Flatiron Bar and Diner
Blackened yellowfin tuna medallions over an apple and orange coulis at Flatiron. Photo by Michael A. Foley/Rycus Assoc.
This cozy downtown bar and restaurant on Nationwide Boulevard seems to be happily busy most of the time. It doesn’t hurt that lots of people come here to be with people they know. Like the mythical Cheers, Flatiron is a welcoming place, and the regulars help keep it humming.
Unlike the TV pub, though, this is a serious restaurant; the menu is ambitious, and the small kitchen puts out food with big flavors: Cajun, Creole, barbecue and Low Country (South Carolina coastal, mostly).
Let’s start with the housemade andouille sausage. The “hot link” is a pork sausage made with spices, garlic and, typically, wine and onions. The version here was better than good, and gave a powerful flavor boost to the house gumbo and other dishes.
The regular menu’s gumbo was made with a smoky-tasting darker roux, and it featured shrimp, chicken and sausage. It’s just the thing to warm your innards on a cold night. The place also makes its own chorizo, which was fattier, but tasty, and it shone in the yummy black bean chili, also on the regular menu.
New Orleans was capably represented by that gumbo and other dishes, such as crispy fried cornmeal battered shrimp or oysters in a tangy rémoulade. Those ingredients could make a fine po’ boy sandwich, if it weren’t for the bread Flatiron uses. In my view, a proper po’ boy is made with a soft white loaf—like a little not-so- crusty baguette. The key is that it softens with the rémoulade, lettuce and tomatoes. While the bread used here was good, the hearty and chewy texture defeated the purpose of the sandwich.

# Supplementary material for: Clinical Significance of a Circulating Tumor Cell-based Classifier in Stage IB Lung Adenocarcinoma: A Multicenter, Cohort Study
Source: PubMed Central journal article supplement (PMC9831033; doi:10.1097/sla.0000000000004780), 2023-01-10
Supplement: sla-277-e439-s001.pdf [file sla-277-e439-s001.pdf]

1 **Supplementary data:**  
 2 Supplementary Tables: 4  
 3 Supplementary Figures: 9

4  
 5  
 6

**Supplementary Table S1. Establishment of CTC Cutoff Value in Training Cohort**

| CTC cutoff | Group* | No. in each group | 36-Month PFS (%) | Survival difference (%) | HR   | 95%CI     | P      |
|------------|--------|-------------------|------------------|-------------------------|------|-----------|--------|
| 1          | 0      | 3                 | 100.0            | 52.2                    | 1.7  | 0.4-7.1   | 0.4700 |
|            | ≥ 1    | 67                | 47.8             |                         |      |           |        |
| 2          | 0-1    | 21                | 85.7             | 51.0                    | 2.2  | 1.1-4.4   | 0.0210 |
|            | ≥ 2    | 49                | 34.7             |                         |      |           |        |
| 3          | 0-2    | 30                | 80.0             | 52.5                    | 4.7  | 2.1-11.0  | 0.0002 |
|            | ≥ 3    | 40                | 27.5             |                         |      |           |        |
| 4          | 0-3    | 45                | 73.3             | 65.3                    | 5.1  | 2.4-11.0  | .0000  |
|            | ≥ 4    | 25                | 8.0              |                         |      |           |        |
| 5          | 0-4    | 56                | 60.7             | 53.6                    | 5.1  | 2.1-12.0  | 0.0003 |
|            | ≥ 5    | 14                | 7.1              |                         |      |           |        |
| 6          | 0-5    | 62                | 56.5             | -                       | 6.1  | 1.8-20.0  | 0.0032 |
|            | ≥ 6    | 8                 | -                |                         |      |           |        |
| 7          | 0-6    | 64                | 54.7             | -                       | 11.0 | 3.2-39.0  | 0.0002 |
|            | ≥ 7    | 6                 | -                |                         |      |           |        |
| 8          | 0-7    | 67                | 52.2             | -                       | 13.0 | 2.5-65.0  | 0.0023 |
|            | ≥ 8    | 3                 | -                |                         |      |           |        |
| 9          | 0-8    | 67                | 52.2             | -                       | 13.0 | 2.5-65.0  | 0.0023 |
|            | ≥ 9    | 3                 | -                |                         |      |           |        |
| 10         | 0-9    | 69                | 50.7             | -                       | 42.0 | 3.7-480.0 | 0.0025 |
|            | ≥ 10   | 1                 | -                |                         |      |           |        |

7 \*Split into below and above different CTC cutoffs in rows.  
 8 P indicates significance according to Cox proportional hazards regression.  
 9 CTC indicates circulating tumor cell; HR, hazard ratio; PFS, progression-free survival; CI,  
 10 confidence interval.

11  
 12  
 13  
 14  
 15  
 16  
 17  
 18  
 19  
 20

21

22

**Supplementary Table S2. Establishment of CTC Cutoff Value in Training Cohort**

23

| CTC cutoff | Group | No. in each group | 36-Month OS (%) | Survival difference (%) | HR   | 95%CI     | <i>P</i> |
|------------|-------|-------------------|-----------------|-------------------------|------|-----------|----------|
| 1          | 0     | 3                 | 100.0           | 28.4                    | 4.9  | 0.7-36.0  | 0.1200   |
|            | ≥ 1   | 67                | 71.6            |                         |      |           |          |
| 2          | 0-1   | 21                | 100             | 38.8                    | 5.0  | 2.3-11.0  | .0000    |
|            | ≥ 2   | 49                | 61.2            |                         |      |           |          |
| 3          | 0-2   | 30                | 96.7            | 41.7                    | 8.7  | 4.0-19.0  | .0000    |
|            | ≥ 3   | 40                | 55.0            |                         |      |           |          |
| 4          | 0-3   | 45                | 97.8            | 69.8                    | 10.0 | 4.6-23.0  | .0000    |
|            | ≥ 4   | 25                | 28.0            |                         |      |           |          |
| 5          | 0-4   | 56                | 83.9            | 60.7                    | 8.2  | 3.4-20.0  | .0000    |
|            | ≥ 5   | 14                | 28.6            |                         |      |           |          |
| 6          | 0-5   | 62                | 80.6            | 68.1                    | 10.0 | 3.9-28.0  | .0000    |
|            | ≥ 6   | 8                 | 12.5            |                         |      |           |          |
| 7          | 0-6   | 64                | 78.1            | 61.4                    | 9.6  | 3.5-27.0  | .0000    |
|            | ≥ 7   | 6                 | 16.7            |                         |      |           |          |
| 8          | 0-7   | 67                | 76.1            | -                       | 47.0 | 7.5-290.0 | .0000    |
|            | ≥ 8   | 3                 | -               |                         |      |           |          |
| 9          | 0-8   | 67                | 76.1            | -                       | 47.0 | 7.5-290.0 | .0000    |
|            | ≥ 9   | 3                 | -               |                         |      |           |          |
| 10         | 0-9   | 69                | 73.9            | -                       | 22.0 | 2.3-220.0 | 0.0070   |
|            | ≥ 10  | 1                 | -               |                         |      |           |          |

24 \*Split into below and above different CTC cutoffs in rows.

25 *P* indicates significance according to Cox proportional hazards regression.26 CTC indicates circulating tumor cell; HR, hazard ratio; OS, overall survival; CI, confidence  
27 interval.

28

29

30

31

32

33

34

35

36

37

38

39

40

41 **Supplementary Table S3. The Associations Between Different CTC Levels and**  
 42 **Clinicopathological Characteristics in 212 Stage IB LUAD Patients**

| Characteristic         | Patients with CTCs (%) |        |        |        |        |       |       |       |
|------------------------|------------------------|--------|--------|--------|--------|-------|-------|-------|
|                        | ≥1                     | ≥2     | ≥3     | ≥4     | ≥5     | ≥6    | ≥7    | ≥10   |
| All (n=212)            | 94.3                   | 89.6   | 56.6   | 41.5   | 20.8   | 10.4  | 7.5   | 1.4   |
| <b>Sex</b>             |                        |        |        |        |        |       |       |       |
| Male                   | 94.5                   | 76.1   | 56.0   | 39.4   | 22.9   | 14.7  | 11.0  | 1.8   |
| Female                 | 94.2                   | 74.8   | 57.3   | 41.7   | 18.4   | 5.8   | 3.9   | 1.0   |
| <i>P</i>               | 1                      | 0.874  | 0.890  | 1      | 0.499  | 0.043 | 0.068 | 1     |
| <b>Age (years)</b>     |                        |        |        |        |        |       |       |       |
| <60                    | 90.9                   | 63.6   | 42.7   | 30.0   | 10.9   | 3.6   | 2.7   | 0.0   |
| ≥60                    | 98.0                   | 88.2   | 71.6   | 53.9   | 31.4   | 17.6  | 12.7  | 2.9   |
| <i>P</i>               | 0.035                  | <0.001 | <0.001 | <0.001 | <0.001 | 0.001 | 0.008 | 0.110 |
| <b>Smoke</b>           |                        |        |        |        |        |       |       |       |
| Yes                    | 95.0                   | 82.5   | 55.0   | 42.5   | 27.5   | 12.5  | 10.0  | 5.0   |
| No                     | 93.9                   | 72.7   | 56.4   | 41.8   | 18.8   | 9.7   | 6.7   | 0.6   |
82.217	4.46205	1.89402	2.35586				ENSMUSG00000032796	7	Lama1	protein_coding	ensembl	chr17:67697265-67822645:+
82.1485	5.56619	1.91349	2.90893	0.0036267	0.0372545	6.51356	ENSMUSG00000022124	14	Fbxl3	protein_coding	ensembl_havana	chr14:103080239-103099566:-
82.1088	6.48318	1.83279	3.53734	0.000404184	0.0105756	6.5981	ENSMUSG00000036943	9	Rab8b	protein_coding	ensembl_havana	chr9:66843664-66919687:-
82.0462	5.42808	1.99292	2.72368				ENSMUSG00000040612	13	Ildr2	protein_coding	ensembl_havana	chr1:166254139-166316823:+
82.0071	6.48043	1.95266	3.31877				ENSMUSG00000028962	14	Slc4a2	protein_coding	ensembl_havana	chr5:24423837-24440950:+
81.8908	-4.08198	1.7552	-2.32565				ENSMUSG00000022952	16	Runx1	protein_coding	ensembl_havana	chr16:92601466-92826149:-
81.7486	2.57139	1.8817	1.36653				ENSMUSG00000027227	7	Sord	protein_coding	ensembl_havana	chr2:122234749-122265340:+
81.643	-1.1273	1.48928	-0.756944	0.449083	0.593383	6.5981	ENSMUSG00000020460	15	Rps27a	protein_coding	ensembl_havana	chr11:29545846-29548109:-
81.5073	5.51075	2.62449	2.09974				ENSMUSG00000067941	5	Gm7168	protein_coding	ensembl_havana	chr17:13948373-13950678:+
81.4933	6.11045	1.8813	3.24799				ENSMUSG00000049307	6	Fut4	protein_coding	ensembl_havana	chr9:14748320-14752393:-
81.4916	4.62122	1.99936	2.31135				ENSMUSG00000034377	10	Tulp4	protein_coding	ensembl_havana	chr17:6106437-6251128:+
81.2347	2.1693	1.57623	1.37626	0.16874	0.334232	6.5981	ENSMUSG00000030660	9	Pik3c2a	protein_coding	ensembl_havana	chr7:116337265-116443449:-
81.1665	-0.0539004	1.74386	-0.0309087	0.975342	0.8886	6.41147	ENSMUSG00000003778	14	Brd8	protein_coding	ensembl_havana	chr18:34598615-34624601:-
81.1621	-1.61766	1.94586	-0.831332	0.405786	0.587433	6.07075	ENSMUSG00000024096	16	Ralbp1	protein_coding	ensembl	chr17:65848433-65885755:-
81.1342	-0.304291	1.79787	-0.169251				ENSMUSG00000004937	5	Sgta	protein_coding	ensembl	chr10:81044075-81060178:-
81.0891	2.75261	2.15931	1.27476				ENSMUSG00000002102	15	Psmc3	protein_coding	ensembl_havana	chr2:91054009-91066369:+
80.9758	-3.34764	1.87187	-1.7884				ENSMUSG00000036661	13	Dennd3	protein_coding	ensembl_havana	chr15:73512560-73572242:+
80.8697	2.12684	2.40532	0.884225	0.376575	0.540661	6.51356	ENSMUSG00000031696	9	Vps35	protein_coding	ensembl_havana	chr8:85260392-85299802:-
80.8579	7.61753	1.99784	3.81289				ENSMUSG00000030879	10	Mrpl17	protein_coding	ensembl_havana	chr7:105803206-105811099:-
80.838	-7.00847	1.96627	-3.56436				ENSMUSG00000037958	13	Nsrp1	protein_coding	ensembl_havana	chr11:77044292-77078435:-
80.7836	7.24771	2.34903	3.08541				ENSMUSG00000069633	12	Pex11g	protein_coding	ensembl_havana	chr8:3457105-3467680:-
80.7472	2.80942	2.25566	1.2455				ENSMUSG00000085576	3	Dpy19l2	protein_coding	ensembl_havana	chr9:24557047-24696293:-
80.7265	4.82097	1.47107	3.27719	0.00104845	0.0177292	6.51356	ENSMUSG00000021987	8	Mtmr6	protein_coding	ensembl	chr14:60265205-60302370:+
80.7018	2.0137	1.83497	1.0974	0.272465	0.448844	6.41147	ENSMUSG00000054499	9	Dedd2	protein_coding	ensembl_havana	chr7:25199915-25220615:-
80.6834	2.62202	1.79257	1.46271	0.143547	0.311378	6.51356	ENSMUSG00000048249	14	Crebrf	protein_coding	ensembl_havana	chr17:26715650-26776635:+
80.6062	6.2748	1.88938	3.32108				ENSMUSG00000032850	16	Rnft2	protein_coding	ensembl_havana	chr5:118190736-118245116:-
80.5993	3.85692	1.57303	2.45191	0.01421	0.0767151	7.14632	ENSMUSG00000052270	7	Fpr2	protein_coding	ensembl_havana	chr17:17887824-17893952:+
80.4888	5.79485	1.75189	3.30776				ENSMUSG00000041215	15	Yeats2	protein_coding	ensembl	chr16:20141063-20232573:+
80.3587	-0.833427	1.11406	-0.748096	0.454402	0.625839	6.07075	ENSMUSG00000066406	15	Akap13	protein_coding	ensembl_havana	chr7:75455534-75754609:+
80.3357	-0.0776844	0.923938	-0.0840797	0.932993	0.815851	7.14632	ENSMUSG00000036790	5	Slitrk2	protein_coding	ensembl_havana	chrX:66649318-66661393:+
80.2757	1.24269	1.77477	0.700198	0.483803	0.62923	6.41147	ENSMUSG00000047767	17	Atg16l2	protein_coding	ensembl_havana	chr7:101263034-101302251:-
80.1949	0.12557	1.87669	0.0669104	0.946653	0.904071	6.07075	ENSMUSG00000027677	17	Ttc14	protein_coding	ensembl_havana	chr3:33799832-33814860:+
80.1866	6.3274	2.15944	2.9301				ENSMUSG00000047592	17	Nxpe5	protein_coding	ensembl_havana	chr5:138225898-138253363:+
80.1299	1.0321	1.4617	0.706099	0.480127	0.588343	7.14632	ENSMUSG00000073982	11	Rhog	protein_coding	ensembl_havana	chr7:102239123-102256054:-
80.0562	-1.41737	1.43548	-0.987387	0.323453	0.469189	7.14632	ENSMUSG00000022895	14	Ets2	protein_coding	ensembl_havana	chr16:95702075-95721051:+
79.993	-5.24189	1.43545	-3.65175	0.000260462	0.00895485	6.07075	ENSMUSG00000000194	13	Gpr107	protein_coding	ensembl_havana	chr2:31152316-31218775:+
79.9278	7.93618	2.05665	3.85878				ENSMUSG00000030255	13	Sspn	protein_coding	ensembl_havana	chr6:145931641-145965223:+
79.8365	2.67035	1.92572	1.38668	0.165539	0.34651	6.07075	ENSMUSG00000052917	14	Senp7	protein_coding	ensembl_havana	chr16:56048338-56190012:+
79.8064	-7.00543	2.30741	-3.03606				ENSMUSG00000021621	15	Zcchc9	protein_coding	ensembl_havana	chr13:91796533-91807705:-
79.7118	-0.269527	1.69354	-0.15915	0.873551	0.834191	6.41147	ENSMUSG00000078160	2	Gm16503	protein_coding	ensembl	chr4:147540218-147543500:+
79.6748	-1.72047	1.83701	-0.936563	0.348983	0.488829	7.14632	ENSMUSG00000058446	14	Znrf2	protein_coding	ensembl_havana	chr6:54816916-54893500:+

Sandwiches I would order again (and again) include a terrific burger with pepper jack cheese, onions, lettuce, tomatoes and ancho-chili spiked mayo. And I might start dreaming about the house-smoked salmon club sandwich, with crispy bacon, lettuce, tomatoes, red onions and mayo. The lovely salmon and bacon are a match made in heaven.
And then there was the barbecue. It won’t seriously challenge City Barbeque, but the pulled pork was very good and the ribs were well worth ordering. I was less impressed with the brisket, as the slices were neither as smoky nor as tender as I would have liked.
There was a real wine list with several good selections, many notable beers and a full bar. The chef offered some really good desserts, including an apple pie that your grandmother could have made if she really knew how to bake, and a really rich bread pudding with bourbon sauce.
One of the things I am sure the many regulars like is chef Steve Nicholson’s penchant for specials, which really are the entree part of the menu. There usually are several each day, and they change frequently. As I wrote this review, the home page of the website listed red beans and rice, catfish sauté with Tabasco cream sauce, three cheese ravioli with a tasso and mushroom sauce and a salmon and corn chowder. Yum. It’s no wonder people who know about this place keep coming back.
Flatiron Bar and Diner
129 E. Nationwide Blvd.
Price range: Appetizers $8.25-$9.50; soups and salads $4-$10.25; barbecue $8.75-$14.75; sandwiches $7.95-$10; desserts $5.
Hours: Monday through Wednesday 11 am to
10 pm, Thursday till 11 pm, Friday till midnight, Saturday 5 pm to midnight; closed Sunday.
Reservations: Not accepted.
Rating: *** 1⁄2